Business consulting—a $250 billion industry in 2017—is growing thanks to hot sectors like cybersecurity, healthcare, and information technology. The demand for trained consultants is greater than ever and there are numerous students at the Fox School of Business eager to pursue careers in the rising industry.
The Temple University Management Consulting Program (TUMCP)’s Temple Consulting Club recently partnered with the Innovation and Entrepreneurship Institute (IEI)’s Women’s Entrepreneurial Association to host a panel discussion with the theme of “Women in Consulting.” More than 150 people attended the event where four professional women consultants—Liz Bywater, of Bywater Consulting Group; Anwesha Dutta, of PricewaterhouseCoopers; Michele Juliana, of RSM; and Jennifer Morelli, of Grant Thornton—discussed the state and bright future of the profession.
“Consulting has a special glamour to it,” says executive principal of Victrix Global Araceli Guenther, who also works with TUMCP, teaches consulting and International Business courses at the Fox School, and moderated the discussion. “People are attracted to consulting because you’re working on very high-level projects and with very interesting companies and people.”
Some of the big questions students had for the panelists regarded work-life balance and the personal sacrifices required to thrive in the industry. Guenther, a 15-year veteran of the consulting industry who has worked for major clients like GlaxoSmithKline, knows first-hand that the consulting lifestyle can be a grueling one.
“The stress level is high and there’s normally lots of travel,” Guenther says. “You’re usually on a plane Sunday afternoon and you’re back home Friday evening. People glamourize it from the outside, but what they don’t realize is that, even when I was somewhere beautiful like Verona, Italy, we were working from morning to night and it was a year-long project. It’s not a profession for everyone and it’s definitely more of a challenge for women.”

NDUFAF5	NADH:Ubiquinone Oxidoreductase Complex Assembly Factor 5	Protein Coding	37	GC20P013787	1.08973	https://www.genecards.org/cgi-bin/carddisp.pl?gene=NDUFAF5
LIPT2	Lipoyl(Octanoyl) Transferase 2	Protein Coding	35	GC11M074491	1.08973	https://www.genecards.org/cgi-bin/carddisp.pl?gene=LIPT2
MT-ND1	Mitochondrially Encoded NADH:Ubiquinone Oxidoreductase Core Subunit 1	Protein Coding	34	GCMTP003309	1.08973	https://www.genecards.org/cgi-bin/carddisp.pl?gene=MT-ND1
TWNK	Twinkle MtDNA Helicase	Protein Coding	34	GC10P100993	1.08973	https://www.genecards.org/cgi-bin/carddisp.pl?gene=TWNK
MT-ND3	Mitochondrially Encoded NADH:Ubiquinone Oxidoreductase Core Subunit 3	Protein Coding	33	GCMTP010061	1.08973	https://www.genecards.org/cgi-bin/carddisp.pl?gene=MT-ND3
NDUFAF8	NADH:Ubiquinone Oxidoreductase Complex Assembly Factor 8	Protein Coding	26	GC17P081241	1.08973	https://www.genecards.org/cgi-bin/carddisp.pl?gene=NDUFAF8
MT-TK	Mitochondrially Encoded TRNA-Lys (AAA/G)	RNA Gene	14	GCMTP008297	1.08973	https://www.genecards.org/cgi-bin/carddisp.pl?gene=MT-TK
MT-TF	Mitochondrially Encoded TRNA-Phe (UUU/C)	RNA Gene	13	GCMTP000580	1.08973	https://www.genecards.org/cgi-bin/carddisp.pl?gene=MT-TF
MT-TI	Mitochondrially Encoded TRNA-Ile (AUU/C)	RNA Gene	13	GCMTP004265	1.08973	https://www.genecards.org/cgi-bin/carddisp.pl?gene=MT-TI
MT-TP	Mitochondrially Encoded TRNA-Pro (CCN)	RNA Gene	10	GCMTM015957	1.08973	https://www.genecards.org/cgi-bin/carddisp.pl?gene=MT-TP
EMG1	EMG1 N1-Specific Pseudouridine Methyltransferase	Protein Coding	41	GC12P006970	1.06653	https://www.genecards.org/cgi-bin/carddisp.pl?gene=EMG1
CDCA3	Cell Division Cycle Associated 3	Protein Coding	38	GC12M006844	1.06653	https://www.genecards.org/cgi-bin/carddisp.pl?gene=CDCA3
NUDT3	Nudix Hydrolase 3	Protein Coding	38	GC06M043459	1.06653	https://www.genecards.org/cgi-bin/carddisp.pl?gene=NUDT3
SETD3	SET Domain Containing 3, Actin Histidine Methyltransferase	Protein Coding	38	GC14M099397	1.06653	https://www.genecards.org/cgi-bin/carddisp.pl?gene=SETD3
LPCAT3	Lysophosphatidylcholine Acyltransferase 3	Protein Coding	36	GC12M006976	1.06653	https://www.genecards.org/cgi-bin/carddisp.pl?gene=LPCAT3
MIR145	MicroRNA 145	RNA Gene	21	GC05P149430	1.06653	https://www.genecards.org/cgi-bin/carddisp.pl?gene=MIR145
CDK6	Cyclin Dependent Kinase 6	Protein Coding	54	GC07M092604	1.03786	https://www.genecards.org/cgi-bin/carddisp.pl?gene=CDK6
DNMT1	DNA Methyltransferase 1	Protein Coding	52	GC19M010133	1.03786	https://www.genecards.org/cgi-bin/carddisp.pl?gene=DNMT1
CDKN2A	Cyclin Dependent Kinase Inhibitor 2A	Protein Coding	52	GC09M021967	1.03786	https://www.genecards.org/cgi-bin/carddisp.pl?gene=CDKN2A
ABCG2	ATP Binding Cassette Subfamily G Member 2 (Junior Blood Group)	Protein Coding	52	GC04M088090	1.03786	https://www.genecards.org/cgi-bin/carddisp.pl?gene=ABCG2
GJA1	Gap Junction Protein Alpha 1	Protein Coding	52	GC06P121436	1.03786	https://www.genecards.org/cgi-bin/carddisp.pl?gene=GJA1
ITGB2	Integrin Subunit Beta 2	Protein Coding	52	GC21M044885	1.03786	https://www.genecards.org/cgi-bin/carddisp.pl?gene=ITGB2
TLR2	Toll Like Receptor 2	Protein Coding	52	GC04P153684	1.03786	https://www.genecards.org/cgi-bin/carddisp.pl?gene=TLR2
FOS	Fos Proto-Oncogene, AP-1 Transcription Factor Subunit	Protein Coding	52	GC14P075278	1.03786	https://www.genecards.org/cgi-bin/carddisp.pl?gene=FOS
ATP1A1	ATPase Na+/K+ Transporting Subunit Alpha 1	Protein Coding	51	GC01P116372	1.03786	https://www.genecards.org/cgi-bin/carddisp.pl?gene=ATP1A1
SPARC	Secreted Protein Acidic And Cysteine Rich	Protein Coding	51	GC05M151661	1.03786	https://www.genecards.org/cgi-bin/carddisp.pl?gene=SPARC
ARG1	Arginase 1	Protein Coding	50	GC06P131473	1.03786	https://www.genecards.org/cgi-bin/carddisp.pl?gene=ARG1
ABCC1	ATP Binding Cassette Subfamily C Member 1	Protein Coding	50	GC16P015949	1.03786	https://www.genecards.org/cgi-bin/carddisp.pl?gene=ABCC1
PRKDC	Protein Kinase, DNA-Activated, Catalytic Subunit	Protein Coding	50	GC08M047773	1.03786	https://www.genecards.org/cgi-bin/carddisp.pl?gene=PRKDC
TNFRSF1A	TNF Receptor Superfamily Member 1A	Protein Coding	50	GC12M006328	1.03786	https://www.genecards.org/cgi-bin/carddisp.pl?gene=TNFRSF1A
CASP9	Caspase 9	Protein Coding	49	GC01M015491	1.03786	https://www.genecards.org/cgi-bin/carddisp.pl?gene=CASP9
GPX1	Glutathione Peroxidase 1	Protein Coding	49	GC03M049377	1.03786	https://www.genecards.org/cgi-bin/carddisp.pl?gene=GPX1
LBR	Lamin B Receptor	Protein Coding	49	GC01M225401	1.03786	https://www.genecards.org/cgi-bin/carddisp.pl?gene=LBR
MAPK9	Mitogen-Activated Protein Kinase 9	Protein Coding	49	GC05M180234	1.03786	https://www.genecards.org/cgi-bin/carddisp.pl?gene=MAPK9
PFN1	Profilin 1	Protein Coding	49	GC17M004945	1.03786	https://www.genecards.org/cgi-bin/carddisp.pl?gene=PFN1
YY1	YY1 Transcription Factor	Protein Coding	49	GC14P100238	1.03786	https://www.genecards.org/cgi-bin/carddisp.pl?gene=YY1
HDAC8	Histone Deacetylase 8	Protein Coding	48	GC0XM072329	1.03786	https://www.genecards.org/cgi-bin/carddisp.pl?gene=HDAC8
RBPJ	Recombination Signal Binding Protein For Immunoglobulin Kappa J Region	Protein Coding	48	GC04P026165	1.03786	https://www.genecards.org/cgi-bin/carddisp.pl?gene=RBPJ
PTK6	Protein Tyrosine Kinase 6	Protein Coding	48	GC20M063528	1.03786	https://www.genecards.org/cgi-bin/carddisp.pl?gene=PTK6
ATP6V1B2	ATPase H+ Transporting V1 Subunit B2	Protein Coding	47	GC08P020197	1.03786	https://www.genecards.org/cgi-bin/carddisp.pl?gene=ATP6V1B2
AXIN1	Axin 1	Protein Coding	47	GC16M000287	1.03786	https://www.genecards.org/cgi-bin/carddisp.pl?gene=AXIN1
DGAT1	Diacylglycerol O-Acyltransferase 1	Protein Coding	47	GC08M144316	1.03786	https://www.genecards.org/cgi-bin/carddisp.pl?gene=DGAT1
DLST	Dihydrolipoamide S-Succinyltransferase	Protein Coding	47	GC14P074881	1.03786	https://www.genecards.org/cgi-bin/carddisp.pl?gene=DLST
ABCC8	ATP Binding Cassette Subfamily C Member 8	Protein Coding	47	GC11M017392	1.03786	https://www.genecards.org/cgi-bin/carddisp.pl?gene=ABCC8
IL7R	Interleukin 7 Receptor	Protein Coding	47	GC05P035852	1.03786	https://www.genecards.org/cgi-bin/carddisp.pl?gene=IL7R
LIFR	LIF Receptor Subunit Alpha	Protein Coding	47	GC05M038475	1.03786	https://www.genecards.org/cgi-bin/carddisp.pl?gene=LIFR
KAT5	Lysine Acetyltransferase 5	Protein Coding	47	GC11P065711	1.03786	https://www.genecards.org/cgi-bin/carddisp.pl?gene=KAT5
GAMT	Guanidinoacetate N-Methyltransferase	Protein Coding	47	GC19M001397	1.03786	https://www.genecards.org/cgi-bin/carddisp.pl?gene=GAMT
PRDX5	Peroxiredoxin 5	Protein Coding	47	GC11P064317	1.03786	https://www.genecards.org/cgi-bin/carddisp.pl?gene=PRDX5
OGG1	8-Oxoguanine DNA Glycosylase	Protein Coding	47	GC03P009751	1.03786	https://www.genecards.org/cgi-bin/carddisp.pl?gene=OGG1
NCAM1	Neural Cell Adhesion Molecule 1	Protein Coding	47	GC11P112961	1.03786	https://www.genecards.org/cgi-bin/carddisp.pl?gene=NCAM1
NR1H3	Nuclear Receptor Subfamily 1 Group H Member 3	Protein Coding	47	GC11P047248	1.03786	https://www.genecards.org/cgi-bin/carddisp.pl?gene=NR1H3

Many students at the Fox School are excited to face the challenges and embrace the opportunities of a career in consulting. For instance, Nhi Nguyen, a sophomore MIS major and international student from Vietnam. Nguyen, who as the vice president of the Temple Consulting Club helped organize the event, has studied abroad in Japan, where she worked for the Japan Market Expansion Competition. She can’t wait to keep traveling and hopes to do so while pursuing a consulting career in the technology industry.
“I love traveling, working with a team, and working on interesting projects,” says Nguyen. “I like unexpected challenges and I like to solve problems. When you work in consulting, you get to work across industries and with different teams. And you get to travel everywhere! The workload is really heavy and you are on the road constantly, but that’s what I want to do.”
Panelist Liz Bywater had a professional background in clinical psychology before launching her own consulting firm, Bywater Consulting Group, in 2003. She has since worked with clients such as Nike, Johnson & Johnson, and Bristol-Myers Squibb, and focuses on working with CEOs and top executives. Launching her own company allowed her to avoid some of the work-life pitfalls that worry students, but also to pursue the specific type of work that inspired her the most.
“I’ve always loved being my own boss,” says Bywater. “I love being able to create my own calendar and to take on the type of work that’s most exciting to me and most beneficial to my clients. And I have flexibility and the endless potential to evolve my business.”
With more than a decade of experience in the industry, Bywater has good advice for students considering careers in consulting.
“Students should be thinking about what type of consulting is most interesting to them and what they want their lives to look like from a holistic perspective,” she says. “They can work with a large firm, which means very long hours, travel, and demanding work. Or some may want to carve their own path and create their own firm, where there will be more flexibility, but also more risk. Students should be clear on what their strengths are, and on what they really want to do with their lives and careers in the short and long-term.”
“Also,” she continues, “students shouldn’t allow the focus on skill set to get in the way of what truly makes a successful consultant, which is being able to have positive, value-added relationships, to listen and communicate well, and to be reliable, trustworthy, and creative.”
Based on the success of this event, TUMPC and the Temple Consulting Club are planning a similar event next spring.
Learn more about the Fox School’s Department of Strategic Management.